2022 FIFA World Cup a showcase of sports innovations

18 November 2022

2022 FIFA World Cup a showcase of sports innovations

As the curtain rises for the 2022 FIFA World Cup in Qatar on November 20, football teams representing 32 nations take centerstage to fight for the coveted championship of the sport’s premier event.

Yet, it isn’t only the players who will be the stars; a host of spectacular sports innovations will also be at the centerpiece of the tournament.

The article “IP grandstanding at the 2022 Soccer World Cup,” authored by Dr. Gareth Dixon and Dr. Yuchen Yao, principal and patent scientist respectively at Spruson & Ferguson in Sydney, enumerates these groundbreaking technologies.

One of these is the Video Assist Referee (VAR) which involves “off-field” referees assisting on-field referees in reviewing decisions in connection with penalties, goals, red cards, identification of players and the like.

VAR boasts of a new feature to be showcased for the first time at the 2022 World Cup - the Semi-automated Offside Technology which helps in offside decisions.

Meanwhile, the Connected Ball Technology which is embodied in the official match ball provides VAR officials with real-time data.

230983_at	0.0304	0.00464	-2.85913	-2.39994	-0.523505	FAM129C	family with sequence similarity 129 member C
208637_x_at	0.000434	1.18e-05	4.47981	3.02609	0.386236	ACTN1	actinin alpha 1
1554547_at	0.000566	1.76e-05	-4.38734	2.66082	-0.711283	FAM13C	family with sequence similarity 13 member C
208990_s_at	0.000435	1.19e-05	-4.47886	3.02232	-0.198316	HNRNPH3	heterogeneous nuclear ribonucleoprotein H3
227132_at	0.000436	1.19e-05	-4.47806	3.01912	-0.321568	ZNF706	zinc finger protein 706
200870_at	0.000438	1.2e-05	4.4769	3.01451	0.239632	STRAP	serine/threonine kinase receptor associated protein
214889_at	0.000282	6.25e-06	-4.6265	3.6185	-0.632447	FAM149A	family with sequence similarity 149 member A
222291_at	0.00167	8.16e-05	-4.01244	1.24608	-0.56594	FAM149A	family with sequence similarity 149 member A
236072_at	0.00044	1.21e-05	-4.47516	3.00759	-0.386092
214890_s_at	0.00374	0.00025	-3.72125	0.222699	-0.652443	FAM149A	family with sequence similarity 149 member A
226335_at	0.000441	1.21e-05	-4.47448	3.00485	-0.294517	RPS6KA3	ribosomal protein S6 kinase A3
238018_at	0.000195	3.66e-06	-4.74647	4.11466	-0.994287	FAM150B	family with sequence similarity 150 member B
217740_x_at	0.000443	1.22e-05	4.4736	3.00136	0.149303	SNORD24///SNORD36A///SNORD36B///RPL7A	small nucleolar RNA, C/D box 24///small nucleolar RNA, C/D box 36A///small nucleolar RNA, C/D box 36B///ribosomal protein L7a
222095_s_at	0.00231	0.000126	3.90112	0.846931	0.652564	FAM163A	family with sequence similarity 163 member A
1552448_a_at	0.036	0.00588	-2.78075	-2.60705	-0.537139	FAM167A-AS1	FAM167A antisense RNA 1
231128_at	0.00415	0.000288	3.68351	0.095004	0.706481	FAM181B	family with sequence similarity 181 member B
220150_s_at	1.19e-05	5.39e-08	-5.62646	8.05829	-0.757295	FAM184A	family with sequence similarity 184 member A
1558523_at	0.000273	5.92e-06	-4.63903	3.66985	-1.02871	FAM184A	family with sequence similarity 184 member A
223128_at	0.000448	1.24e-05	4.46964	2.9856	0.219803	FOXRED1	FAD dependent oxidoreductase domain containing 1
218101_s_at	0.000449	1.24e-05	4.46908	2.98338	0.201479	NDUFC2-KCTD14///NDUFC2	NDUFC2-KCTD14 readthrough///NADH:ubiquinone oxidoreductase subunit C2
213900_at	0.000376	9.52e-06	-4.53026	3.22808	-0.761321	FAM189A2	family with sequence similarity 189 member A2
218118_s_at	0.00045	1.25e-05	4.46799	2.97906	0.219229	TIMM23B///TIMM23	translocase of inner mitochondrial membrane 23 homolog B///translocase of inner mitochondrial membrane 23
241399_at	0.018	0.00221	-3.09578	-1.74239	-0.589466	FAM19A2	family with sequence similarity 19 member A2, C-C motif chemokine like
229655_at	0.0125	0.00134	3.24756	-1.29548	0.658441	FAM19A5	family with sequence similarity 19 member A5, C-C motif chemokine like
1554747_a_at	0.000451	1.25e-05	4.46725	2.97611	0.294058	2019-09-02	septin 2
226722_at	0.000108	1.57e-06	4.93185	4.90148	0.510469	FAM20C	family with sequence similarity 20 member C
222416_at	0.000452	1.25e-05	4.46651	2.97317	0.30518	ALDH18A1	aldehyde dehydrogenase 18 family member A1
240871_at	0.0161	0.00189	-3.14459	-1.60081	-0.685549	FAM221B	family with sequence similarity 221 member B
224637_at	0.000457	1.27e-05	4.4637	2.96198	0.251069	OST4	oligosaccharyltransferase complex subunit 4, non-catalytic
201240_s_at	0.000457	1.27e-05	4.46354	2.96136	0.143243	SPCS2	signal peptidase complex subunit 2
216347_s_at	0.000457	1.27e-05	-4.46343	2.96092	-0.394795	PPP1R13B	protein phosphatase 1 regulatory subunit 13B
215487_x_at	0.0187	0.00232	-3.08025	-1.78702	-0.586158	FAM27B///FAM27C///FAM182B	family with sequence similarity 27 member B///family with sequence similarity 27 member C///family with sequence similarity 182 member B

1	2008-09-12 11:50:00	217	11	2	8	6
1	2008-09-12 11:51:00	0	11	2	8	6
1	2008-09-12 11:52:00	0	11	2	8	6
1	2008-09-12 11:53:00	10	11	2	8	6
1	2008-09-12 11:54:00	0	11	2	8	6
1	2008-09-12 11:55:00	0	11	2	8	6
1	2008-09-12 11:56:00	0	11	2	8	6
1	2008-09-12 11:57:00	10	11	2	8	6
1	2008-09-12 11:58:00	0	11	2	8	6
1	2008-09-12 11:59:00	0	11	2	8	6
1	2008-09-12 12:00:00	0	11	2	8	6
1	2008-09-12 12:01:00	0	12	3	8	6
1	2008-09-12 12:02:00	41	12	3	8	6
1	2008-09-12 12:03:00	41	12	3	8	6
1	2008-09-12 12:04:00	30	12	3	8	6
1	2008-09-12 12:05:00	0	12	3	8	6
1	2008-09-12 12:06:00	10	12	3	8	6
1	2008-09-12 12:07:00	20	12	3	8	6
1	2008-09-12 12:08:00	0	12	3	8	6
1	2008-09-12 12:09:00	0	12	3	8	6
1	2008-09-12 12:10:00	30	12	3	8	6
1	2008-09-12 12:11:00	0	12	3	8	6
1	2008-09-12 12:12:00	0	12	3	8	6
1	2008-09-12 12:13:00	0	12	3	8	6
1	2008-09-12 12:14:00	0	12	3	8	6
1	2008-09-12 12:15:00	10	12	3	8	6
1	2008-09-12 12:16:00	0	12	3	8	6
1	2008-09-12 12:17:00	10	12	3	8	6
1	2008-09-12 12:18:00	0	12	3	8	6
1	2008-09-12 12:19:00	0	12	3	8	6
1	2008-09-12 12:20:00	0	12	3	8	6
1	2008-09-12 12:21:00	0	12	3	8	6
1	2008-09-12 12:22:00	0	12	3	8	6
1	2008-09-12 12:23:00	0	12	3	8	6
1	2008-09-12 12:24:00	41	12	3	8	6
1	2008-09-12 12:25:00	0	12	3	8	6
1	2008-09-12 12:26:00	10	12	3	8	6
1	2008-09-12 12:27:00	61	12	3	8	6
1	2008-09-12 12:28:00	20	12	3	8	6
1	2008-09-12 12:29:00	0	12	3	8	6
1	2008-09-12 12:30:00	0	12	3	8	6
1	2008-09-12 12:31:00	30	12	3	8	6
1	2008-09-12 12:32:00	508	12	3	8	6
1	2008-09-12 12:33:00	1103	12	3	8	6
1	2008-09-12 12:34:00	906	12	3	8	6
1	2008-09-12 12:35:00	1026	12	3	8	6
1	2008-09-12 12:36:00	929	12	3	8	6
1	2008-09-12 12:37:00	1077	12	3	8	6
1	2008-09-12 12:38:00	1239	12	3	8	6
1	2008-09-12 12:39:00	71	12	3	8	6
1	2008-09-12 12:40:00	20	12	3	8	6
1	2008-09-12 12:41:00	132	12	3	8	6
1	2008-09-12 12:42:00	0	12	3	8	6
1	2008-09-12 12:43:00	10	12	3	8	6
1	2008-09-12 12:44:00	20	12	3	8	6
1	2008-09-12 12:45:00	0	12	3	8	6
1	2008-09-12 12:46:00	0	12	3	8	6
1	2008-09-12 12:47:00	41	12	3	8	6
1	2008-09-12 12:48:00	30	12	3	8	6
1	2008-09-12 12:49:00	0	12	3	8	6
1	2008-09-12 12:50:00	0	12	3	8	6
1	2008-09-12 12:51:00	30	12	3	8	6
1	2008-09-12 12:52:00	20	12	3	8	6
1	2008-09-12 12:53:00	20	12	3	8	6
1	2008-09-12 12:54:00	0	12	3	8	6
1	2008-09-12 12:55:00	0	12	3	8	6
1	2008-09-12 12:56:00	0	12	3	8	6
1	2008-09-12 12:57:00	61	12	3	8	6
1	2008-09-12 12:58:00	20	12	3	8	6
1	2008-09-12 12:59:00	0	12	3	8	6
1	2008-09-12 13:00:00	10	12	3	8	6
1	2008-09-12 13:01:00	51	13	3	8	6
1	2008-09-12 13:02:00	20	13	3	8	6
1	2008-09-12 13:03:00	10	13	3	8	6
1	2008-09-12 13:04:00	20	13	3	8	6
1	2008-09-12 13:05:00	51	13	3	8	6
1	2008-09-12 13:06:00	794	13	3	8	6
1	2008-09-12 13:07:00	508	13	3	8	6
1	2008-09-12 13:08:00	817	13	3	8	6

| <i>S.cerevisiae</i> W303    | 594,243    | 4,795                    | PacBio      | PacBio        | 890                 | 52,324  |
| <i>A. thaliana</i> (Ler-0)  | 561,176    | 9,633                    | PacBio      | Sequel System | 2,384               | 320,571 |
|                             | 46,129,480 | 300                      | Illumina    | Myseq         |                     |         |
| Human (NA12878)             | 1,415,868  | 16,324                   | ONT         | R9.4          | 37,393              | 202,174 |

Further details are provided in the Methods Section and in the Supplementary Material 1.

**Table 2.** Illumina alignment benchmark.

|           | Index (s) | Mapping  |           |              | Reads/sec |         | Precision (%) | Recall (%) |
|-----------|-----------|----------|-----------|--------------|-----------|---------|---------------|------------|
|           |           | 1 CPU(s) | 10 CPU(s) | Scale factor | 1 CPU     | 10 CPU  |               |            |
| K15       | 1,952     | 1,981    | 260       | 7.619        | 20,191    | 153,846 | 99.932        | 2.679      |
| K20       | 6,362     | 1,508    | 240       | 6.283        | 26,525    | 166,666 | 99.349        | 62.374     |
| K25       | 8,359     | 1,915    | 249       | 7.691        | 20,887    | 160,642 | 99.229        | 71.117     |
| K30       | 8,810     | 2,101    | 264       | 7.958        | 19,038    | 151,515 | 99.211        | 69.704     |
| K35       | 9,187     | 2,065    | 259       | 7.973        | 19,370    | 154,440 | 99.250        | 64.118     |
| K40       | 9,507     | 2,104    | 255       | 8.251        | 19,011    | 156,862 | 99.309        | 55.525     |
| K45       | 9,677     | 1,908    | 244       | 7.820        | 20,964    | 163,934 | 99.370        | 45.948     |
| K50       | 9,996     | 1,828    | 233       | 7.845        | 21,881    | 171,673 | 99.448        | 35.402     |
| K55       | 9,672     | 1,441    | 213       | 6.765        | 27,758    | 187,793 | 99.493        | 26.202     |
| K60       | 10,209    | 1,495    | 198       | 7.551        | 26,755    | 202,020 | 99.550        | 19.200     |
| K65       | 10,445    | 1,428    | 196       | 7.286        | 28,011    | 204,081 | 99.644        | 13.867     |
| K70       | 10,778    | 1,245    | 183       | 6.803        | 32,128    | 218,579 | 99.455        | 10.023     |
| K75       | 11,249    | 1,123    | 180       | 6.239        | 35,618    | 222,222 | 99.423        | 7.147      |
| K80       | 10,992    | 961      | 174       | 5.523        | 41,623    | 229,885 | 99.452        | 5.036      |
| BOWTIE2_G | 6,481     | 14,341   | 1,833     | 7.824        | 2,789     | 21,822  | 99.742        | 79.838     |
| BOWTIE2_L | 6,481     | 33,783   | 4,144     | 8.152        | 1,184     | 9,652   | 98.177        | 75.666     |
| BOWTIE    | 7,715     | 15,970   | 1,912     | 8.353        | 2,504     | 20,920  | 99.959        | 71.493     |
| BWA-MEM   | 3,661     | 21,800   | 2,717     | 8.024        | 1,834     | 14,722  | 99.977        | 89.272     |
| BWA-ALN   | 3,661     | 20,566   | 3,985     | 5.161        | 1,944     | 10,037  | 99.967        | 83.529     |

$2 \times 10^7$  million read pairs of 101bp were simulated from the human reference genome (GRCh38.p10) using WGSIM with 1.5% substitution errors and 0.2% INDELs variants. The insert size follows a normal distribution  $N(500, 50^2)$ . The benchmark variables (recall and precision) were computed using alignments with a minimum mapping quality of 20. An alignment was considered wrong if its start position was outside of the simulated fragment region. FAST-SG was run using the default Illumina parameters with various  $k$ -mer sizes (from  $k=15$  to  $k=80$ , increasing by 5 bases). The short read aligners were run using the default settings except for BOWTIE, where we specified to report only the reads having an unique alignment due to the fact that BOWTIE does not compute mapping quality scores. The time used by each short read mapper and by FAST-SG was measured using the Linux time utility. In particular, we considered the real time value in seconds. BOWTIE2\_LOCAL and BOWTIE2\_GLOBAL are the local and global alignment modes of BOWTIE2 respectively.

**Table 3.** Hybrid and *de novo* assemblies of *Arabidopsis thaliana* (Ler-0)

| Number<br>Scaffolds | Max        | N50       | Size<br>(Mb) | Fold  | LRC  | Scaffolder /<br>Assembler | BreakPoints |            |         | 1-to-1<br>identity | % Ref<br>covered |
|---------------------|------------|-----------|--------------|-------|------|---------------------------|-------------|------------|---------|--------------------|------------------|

Also available will be products that convert digital content into Braille, enabling visually-impaired individuals to enjoy the football matches.

Examples of these technologies are disclosed in US patents and found in a pending European patent application.

“We believe that we will see more innovations in future editions of the World Cup ranging from more innovative technologies to new shoes/kits/ball designs. Innovations such as VAR can make the game fairer and more enjoyable, with an ultimate goal of attracting an even wider audience. For example, the game may be broadcast in 3D,” said Dixon.

The football community may also start to see adaptations of technologies used in other sports. These include positive-contact technologies used in cricket such as Snicko or Snickometer and Hotspot which are helpful for decision certainty and viewer entertainment.

“When Australia exited the round of 16 against Italy in 2006, Fabio Grosso went to ground like he’d been shot by a sniper and Lucas Neill got up claiming there’d been no contact. The referee sided with Grosso and Italy scored from the resultant penalty, but was there actually contact?” asked Yao. “It’s even impossible to tell in super slow-motion.”

But, adapting Snicko or Hotspot into players’ boots, socks or shinpads may allow the referee to review the footage and see if Neill’s hip did come into contact with Grosso’s shin.

“Innovation in soccer motivates innovation in other sports/industries – and vice versa,” said Dixon.

IP-wise, Yao said that if existing technologies will merely be adapted in football, a surge in patenting activity is unlikely.

“However, at the rate the likes of Nike, Adidas, Puma, etc., are filing new trademarks for soccer-related products, perhaps this is where any real IP growth is going to be felt,” said Yao.





Espie Angelica A. de Leon

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